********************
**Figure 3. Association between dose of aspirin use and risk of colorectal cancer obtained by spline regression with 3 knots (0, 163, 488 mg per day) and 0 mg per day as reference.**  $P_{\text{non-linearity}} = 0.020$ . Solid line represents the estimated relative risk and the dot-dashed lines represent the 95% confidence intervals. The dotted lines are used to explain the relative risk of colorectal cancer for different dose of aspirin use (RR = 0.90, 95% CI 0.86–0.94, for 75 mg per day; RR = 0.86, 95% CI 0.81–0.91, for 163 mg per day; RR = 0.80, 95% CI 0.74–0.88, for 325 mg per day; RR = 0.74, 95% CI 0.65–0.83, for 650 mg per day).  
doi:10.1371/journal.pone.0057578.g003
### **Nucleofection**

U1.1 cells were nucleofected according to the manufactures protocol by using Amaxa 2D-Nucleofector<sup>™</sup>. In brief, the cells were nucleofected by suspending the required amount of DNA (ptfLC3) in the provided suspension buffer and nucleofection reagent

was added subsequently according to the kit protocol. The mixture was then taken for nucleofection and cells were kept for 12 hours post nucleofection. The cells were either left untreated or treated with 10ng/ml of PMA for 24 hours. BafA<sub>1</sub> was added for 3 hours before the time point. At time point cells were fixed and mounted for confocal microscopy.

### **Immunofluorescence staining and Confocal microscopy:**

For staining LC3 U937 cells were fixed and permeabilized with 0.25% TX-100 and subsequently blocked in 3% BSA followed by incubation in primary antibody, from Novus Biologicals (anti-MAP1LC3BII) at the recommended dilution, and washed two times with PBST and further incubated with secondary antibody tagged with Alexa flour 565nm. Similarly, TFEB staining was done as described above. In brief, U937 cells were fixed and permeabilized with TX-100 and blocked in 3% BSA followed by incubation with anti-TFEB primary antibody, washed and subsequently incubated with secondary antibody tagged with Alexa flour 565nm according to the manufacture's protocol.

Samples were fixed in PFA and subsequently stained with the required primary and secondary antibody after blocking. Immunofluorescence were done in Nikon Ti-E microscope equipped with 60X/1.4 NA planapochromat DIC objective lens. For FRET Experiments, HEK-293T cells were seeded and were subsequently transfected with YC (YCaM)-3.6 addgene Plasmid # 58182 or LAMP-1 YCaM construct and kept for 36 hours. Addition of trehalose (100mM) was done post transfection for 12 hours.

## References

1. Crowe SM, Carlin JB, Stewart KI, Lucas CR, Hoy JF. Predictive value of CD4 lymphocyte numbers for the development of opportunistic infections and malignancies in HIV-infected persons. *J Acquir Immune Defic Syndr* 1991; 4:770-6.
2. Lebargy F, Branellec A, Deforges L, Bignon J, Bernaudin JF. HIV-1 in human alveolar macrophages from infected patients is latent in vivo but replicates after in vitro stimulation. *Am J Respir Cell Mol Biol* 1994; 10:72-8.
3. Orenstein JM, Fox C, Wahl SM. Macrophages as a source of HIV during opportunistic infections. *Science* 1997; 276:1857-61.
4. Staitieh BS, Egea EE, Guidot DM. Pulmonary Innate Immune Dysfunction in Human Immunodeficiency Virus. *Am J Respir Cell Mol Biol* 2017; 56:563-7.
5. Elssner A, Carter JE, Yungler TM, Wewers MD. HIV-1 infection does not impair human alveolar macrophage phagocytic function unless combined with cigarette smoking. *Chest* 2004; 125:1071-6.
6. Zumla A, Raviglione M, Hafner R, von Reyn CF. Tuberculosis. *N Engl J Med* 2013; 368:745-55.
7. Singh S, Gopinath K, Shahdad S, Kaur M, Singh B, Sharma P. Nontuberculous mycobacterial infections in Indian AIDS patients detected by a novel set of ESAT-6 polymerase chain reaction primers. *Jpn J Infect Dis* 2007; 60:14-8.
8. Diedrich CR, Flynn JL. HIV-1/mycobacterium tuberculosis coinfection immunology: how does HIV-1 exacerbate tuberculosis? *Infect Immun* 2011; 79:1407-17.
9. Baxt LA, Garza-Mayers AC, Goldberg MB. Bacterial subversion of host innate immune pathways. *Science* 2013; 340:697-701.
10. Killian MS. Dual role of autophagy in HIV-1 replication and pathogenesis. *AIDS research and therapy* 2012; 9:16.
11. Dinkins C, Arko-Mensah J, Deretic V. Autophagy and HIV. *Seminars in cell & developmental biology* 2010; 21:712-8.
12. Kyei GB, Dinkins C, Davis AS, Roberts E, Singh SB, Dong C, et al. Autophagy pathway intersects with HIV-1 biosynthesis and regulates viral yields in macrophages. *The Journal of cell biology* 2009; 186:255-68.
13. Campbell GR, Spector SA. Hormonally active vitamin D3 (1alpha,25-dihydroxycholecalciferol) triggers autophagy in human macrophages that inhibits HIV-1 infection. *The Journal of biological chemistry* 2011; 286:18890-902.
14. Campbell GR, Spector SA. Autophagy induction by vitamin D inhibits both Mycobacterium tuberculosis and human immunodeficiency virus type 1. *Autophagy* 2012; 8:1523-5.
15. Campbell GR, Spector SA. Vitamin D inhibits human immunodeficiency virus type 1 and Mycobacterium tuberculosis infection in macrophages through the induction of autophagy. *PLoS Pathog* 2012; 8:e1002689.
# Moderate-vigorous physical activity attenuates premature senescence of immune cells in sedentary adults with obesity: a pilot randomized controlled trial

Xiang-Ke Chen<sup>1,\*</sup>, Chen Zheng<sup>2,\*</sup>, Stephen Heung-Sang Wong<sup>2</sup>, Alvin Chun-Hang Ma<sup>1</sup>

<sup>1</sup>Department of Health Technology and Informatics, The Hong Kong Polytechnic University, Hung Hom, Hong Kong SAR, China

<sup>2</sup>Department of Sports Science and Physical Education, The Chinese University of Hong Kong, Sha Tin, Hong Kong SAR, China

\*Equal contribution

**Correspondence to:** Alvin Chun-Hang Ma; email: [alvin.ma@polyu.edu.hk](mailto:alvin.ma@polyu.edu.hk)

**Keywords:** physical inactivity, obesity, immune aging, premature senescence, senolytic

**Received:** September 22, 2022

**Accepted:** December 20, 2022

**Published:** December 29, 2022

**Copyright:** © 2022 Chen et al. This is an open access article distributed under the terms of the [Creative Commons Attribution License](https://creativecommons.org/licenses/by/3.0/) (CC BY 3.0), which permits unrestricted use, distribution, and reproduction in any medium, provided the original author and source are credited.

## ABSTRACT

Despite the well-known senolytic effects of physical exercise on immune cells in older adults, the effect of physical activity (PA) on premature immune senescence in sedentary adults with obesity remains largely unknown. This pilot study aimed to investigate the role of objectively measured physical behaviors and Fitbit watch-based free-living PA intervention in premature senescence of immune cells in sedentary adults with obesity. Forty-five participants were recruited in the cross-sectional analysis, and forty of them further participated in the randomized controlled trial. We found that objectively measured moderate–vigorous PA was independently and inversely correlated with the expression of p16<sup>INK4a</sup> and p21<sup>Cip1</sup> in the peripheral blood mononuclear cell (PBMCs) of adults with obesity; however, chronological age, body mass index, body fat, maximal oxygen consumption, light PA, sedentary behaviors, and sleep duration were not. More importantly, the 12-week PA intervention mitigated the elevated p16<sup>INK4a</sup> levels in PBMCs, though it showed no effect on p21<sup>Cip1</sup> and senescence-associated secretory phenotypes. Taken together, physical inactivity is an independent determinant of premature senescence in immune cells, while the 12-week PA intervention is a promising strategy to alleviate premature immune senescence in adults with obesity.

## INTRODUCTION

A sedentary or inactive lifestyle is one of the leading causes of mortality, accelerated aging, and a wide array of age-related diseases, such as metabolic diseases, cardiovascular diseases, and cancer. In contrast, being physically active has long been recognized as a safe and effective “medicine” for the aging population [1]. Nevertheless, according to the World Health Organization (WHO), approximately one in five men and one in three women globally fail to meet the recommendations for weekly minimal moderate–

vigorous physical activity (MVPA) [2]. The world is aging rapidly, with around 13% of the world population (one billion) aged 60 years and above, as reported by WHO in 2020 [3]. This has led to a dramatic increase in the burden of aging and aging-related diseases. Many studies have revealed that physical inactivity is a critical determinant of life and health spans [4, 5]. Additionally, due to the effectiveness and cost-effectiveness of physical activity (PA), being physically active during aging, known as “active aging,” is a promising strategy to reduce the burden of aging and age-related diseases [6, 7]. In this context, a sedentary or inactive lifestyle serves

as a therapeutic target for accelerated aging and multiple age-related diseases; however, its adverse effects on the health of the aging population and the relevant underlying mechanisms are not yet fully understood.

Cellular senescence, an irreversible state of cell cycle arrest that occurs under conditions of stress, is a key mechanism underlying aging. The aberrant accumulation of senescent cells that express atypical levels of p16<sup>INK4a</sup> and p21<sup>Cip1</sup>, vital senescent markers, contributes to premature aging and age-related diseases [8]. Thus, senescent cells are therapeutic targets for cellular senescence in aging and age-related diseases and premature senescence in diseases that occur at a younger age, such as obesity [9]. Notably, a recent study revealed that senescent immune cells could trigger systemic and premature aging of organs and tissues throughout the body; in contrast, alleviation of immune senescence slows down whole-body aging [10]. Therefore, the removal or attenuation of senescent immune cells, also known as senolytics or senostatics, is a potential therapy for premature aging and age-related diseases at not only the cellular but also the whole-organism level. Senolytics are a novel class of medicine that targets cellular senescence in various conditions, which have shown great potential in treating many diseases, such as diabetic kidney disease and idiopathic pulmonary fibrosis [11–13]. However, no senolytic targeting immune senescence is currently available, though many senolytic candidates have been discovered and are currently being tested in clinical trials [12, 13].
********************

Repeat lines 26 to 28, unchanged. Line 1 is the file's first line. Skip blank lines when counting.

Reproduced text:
Xiang-Ke Chen<sup>1,\*</sup>, Chen Zheng<sup>2,\*</sup>, Stephen Heung-Sang Wong<sup>2</sup>, Alvin Chun-Hang Ma<sup>1</sup>

<sup>1</sup>Department of Health Technology and Informatics, The Hong Kong Polytechnic University, Hung Hom, Hong Kong SAR, China

<sup>2</sup>Department of Sports Science and Physical Education, The Chinese University of Hong Kong, Sha Tin, Hong Kong SAR, China